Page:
Ghimire, who passed the EPS language test in 2018, was supposed to be in Korea by 2020. With the issuance of the visa, his estimated flight date was last April. But it has been 10 months since that date. He will have to fly by March 13, 2021, but it is not yet known when he will be able to do so.
He is less worried about not being able to go to Korea, but more about the government conducting exams in 2021. He says, “From a new language test, new people pass. Once they pass, the government may insist on sending them, and we stop here. We are at a loss because we won’t be able to go and will be stuck here.”
Mahesh Pandey, Mina Gurung and Bhim Ghimire are not the only ones protesting in front of the EPS branch, they are accompanied by hundreds of protesters. There are thousands of people living in anxiety and confusion at home.
Employment to Korea has also come to a standstill after the government halted foreign employment on March 26, 2008 for fear of spreading the Covid-19 infection in Nepal.
Although some countries are open to transportation for employment, this is not the case with Korea. The annual EPS language test could not be conducted in the year 2020, i.e. last year 2076. Even those who passed in 2019 could not go.
According to the EPS Korea branch under the Department of Foreign Employment, 1,027 Nepalis, including 958 men and 69 women, left Nepal for Korea in 2020, but they had gone before the coronavirus had spread.
“Although the government is taking initiative to send people who have passed the EPS language and skill test, this is a matter between the governments of the two countries”, said Indra Gautam, Director of the EPS Korea branch. According to him, the Government of Nepal is taking high-level initiatives.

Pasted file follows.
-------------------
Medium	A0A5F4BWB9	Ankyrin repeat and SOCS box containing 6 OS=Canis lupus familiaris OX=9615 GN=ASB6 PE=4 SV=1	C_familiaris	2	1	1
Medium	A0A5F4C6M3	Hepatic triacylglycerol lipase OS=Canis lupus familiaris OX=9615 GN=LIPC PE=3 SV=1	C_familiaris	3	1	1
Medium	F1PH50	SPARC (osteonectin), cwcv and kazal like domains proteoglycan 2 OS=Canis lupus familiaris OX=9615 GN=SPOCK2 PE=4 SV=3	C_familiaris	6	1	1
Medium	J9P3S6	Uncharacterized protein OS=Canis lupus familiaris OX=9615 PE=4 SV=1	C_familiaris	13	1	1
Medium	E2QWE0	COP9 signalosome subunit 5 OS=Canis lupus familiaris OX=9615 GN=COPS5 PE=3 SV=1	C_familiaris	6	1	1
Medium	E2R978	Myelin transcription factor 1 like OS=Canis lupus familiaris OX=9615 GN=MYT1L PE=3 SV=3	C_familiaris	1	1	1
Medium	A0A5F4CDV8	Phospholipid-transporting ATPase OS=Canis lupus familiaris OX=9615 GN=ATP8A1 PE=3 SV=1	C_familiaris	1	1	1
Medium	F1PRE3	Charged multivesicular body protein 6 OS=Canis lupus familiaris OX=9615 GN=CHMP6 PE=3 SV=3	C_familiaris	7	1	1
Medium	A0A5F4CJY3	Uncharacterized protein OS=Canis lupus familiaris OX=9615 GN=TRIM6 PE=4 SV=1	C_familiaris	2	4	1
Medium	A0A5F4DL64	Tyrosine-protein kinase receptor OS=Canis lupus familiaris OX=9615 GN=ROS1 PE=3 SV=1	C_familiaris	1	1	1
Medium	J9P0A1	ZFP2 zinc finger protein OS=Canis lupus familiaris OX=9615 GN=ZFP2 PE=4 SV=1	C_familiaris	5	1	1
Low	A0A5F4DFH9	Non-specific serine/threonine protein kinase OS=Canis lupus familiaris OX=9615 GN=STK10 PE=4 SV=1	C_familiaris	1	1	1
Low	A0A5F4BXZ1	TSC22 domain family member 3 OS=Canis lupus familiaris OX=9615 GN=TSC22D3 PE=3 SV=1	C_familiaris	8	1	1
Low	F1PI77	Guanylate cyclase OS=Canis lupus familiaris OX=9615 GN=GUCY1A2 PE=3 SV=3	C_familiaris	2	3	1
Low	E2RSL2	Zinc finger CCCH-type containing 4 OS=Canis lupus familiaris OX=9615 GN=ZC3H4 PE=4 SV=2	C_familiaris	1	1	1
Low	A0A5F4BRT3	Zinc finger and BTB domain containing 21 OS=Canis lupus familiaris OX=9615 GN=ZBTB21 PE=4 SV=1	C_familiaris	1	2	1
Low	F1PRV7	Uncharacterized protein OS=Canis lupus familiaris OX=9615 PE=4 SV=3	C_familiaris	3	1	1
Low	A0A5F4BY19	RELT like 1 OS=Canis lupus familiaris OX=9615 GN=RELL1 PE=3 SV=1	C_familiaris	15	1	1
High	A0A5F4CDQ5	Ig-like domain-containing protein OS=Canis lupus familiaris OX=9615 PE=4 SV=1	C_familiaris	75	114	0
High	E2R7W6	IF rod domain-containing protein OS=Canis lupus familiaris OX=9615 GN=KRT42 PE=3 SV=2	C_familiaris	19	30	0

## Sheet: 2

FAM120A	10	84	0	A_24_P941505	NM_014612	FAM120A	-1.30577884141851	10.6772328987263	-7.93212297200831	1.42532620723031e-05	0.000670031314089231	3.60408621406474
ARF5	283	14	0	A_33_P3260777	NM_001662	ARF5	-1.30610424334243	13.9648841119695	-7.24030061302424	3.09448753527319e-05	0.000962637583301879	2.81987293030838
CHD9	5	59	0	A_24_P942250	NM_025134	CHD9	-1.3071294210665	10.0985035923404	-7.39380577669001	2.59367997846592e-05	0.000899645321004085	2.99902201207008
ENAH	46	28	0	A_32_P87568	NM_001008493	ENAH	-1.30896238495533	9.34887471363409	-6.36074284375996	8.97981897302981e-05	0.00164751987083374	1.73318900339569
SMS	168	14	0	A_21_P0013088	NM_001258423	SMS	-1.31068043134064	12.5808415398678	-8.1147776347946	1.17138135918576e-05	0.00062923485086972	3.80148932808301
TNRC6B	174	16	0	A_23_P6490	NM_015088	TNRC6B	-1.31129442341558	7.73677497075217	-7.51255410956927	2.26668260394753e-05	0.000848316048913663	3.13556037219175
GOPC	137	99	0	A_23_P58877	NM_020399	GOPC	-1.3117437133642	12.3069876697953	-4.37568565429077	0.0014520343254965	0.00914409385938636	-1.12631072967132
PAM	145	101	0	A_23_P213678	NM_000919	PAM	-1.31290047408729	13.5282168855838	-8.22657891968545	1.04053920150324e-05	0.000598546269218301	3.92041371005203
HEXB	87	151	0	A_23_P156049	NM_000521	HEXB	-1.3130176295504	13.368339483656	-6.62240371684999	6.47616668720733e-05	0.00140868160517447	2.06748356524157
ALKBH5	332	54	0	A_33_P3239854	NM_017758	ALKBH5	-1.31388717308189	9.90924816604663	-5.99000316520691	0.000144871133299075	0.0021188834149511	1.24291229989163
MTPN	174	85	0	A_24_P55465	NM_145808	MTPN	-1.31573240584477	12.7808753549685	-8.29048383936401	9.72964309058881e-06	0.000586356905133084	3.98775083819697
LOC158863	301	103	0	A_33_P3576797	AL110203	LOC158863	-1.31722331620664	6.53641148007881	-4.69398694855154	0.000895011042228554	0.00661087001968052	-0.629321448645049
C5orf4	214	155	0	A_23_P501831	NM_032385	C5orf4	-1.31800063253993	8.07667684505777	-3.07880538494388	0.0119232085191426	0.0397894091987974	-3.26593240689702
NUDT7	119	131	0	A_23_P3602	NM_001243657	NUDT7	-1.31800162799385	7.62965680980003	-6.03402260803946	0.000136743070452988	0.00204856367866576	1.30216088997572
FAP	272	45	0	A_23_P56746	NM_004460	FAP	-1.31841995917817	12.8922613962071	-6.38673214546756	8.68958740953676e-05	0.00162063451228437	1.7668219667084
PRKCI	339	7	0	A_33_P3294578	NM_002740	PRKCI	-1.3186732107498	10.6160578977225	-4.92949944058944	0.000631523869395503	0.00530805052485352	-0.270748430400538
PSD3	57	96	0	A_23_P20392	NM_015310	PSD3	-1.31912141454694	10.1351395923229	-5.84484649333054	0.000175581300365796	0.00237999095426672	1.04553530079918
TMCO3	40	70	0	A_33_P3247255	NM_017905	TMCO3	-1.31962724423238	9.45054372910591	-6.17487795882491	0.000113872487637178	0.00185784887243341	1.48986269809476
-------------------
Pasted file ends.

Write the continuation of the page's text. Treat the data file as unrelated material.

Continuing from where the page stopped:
An agreement was reached between the Government of Nepal and the Government of Korea in 2007 to send Nepalese workers to Korea every year. In the first year, in 2008, 31,525 people applied to take the Korean language test and took part in all the tests.
Out of those that passed, 6,404 were males and 380 were females. In 2008, 2,733 men and 81 women, a total of 2,814 flew to Korea.
In the second year, in 2009, the language test could not be conducted. Even though there were no exams that year, 1,847 men and 64 women who passed the previous year reached Korea.
After that language test was held in 2010 and 2011 but language test was not held in 2012. For the next seven years, regular language exams were held and Nepali youths also flew to Korea regularly.
According to the EPS branch, 589,618 people have applied for the language test in the last 13 years, but only 448,771 have participated in the test. Out of this, 69,760 males and 7,617 males have passed; only 13 percent, or 77,377.
Of those who passed, 98 percent or 75,982 have filled the application form for jobs. Out of that, 62,852 men and 4,020 women and 88 percent or 66,872 Nepali youth have reached Korea by 2076 (2019).